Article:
Ride of Silence



Crooked Tan Lines #13: July 19, Before The Ride Of Silence

Maybe it was just Dallas.

Or so I, and the many other runners and cyclists I hung out with, thought. Maybe it was Dallas' "football-at-all-costs" mind set, plastic surgery, personalized licensed plates, and glass buildings.

It was true what "foreigners," what people were sarcastically called when they moved to Dallas from other parts of the U.S., saw. There are only two important things on Sundays in Texas' gateway city: church in the morning, and "The Game" in the afternoon. Or, as local legend says, "There are two religions in Texas. The other is football."

The sixteen weeks of the sport has so permeated the local culture that it appears in the Dallas newspaper 52 weeks a year, as well as on the local TV news. The pig skin rules, unabated, with no end in sight. There is no battle for first place in Dallas' hierarchy of events and new items. It is football, of all levels. Basketball and baseball make up the second tier. Then it appears to be golf, NASCAR, bass fishing/hunting, horse racing, soccer, and ice-hockey in the third tier they way they show up in the paper and TV news. After that, fourth tier running/biking/swimming might be so far down the list as to be on the floor, or buried beneath it, in last place.

This is not a good thing because of that mindset mentioned earlier breeds other unhealthy, unnatural, and sometimes illogical patterns of behavior such as neglecting the rights of others on the road way.

Unfortunately, due to their status and the conditions and locations fostered upon them by the City Of Dallas government, runners and cyclists have become rivals competing over the same basic rights afforded to neither. Where they should be linked together in their common causes of traffic control, facilities, and execution existing laws, they disrespect and fight against each other for and on the same small turf allowed to them to share.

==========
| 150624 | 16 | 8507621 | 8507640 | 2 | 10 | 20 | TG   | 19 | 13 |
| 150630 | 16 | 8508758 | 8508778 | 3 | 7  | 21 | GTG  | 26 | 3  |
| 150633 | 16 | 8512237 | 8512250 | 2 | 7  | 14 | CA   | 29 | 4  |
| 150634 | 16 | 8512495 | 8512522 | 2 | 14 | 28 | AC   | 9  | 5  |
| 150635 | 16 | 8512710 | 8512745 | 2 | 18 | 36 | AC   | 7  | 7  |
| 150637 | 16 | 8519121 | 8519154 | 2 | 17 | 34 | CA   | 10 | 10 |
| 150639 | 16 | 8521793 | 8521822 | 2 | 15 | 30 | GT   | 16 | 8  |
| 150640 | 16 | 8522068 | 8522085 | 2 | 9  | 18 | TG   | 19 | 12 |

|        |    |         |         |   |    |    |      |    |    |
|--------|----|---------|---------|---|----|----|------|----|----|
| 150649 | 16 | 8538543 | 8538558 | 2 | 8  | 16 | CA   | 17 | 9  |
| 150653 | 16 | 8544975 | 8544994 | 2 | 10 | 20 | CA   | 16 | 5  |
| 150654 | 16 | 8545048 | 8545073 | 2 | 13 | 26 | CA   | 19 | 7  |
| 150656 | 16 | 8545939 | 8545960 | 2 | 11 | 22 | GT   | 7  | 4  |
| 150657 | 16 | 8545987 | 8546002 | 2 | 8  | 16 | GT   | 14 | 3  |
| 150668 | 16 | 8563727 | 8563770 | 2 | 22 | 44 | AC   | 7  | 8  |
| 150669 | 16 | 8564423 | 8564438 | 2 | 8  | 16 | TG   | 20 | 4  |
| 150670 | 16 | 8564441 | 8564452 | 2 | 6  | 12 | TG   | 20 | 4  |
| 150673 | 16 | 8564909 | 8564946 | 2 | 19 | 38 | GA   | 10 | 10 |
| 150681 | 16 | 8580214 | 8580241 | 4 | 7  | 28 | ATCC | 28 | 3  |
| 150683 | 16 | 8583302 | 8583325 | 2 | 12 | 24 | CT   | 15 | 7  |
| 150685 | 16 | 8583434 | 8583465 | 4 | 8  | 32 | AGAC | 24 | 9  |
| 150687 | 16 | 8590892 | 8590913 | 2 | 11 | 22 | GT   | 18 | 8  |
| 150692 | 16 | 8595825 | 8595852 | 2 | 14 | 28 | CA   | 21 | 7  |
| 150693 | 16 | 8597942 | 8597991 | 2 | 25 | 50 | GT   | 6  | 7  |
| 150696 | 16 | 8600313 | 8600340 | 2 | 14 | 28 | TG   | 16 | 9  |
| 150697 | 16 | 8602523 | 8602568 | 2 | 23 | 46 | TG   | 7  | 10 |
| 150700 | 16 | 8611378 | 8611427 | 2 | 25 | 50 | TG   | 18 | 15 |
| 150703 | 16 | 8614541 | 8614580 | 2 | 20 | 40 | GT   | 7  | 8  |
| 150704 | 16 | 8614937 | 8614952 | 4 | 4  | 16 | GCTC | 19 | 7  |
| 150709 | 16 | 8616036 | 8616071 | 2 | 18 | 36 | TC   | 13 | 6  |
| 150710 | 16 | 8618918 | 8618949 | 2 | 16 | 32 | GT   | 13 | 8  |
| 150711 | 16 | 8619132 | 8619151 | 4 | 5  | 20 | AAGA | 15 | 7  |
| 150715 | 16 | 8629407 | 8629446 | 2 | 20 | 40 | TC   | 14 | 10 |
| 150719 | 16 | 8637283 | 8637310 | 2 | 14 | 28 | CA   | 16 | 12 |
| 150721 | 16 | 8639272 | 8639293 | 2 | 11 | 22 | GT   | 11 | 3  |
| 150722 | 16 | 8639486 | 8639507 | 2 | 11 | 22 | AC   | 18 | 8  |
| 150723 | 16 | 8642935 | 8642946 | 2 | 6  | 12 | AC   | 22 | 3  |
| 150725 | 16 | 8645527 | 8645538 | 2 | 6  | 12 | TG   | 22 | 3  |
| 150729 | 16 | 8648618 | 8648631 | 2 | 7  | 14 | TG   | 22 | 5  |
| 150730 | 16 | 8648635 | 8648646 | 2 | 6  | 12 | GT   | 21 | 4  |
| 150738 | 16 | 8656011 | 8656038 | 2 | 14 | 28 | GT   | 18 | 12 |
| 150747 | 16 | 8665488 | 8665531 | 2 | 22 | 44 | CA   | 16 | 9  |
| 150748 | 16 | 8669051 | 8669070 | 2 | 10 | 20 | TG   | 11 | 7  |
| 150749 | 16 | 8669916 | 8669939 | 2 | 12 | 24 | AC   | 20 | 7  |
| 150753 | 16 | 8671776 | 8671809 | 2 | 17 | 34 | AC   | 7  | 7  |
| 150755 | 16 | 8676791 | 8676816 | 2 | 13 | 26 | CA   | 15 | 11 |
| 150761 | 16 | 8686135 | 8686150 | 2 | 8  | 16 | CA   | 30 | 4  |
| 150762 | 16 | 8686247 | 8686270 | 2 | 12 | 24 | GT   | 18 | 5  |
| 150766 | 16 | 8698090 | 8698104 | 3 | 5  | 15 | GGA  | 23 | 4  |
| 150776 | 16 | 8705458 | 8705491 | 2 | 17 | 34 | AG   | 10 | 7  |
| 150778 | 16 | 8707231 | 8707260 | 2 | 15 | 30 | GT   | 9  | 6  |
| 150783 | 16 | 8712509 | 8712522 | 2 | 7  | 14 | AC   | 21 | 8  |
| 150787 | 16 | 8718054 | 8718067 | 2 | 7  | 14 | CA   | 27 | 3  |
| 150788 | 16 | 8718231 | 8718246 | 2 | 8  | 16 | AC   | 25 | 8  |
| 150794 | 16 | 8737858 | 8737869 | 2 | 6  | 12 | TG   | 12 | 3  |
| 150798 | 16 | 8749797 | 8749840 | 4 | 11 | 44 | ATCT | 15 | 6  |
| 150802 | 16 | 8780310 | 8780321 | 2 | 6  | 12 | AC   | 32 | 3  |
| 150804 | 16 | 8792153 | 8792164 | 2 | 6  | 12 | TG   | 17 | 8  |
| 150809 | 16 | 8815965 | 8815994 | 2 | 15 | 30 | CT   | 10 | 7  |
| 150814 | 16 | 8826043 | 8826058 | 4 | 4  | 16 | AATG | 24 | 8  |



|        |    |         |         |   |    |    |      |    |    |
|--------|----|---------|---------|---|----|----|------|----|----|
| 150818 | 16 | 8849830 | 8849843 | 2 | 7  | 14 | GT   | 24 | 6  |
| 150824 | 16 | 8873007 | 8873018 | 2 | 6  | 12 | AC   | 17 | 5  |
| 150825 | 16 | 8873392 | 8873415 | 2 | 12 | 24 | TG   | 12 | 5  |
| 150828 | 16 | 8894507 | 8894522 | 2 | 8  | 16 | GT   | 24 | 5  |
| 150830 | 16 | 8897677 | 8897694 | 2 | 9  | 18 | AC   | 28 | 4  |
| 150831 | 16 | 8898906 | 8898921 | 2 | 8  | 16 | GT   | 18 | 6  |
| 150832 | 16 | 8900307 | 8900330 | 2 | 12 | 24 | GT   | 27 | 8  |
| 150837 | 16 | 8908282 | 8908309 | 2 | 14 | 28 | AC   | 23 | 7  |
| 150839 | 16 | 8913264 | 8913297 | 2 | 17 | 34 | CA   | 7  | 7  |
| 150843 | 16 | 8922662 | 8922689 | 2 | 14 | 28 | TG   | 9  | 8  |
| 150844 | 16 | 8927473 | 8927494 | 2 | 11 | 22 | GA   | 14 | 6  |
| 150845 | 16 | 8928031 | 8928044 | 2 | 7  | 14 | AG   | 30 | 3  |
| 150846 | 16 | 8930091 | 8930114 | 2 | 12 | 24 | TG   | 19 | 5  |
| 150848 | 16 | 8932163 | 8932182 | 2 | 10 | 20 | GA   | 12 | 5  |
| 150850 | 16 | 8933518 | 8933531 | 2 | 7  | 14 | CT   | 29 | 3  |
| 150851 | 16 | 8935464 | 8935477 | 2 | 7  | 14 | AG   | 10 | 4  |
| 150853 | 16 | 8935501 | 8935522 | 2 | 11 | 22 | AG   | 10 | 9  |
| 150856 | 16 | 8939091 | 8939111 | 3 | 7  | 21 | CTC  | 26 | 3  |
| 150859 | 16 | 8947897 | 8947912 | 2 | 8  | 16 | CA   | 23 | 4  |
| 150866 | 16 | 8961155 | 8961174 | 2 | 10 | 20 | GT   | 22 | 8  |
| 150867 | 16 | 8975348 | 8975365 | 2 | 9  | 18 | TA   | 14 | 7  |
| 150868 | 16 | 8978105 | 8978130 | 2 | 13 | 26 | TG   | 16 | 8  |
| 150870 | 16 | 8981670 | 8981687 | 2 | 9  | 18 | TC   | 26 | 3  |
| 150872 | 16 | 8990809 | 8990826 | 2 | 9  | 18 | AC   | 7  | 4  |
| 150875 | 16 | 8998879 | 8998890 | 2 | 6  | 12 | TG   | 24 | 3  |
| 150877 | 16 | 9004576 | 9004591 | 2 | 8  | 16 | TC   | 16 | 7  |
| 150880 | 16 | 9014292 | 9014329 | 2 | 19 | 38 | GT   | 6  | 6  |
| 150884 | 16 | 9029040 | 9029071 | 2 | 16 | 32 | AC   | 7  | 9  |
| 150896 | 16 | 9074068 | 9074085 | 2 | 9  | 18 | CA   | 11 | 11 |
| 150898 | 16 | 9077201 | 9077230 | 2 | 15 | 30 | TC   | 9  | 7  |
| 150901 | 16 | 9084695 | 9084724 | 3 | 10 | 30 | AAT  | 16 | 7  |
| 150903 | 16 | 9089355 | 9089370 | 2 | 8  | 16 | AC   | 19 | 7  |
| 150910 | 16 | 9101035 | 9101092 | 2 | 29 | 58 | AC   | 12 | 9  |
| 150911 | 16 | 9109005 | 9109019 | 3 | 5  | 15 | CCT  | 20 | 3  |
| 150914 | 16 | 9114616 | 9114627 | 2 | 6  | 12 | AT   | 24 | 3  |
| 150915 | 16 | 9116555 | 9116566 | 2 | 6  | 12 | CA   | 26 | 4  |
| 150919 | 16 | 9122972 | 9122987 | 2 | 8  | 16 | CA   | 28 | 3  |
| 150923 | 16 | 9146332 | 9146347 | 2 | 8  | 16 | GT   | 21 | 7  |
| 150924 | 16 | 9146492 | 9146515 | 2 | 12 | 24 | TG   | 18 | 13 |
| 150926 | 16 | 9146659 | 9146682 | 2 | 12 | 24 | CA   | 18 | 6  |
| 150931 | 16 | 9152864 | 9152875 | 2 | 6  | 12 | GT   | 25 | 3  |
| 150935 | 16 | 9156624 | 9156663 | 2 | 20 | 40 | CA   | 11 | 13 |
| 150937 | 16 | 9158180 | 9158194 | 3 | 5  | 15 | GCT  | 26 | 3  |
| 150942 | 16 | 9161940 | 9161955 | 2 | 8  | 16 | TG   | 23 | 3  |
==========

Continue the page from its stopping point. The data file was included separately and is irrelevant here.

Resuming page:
Even more worse is the respective sports have problems internally as well. The two running stores servicing Dallas (there are others, but they total a small amount of the community pie) are bitter rivals that stop at almost nothing to see the other fail. The same goes for the areas two bike stores. At one point in the 1990's if a runner of one store went to the rival store's event, it was considered an act of defection. The runner was brought before the store manager, and if not fired from his position on the store running team, then at least reprimanded and shunned by the rest of the team.

Dallas has the reputation for being the worst place in the country to bike, according to one of the cycling industries magazines. That behavior is also reflected to runners and the running community at large, as well. Dallas was also noted in other magazines as one of the angriest, vainest, and unhealthiest, and as having the worst drivers. All those different magazines, editors, and writers came to the same conclusions. When you think about it, adding those things together, who would want to bike or run there at all.

Nevertheless, where it was stubbornness or a genuine admiration for their respective sport, the local cyclists and runners persevere, despite the conditions, despite the odds. I use the word "local" liberally because a large majority were actually transplants, cyclists or runners from other areas of the country who transplanted to north Texas for college, a job, or relationship. As best they could, they thrived, developing races, training groups, and places to train. They created their own local champions, teams, clubs, stores, and infrastructure. The aerobic scene in DFW is definitely 1980's home grown.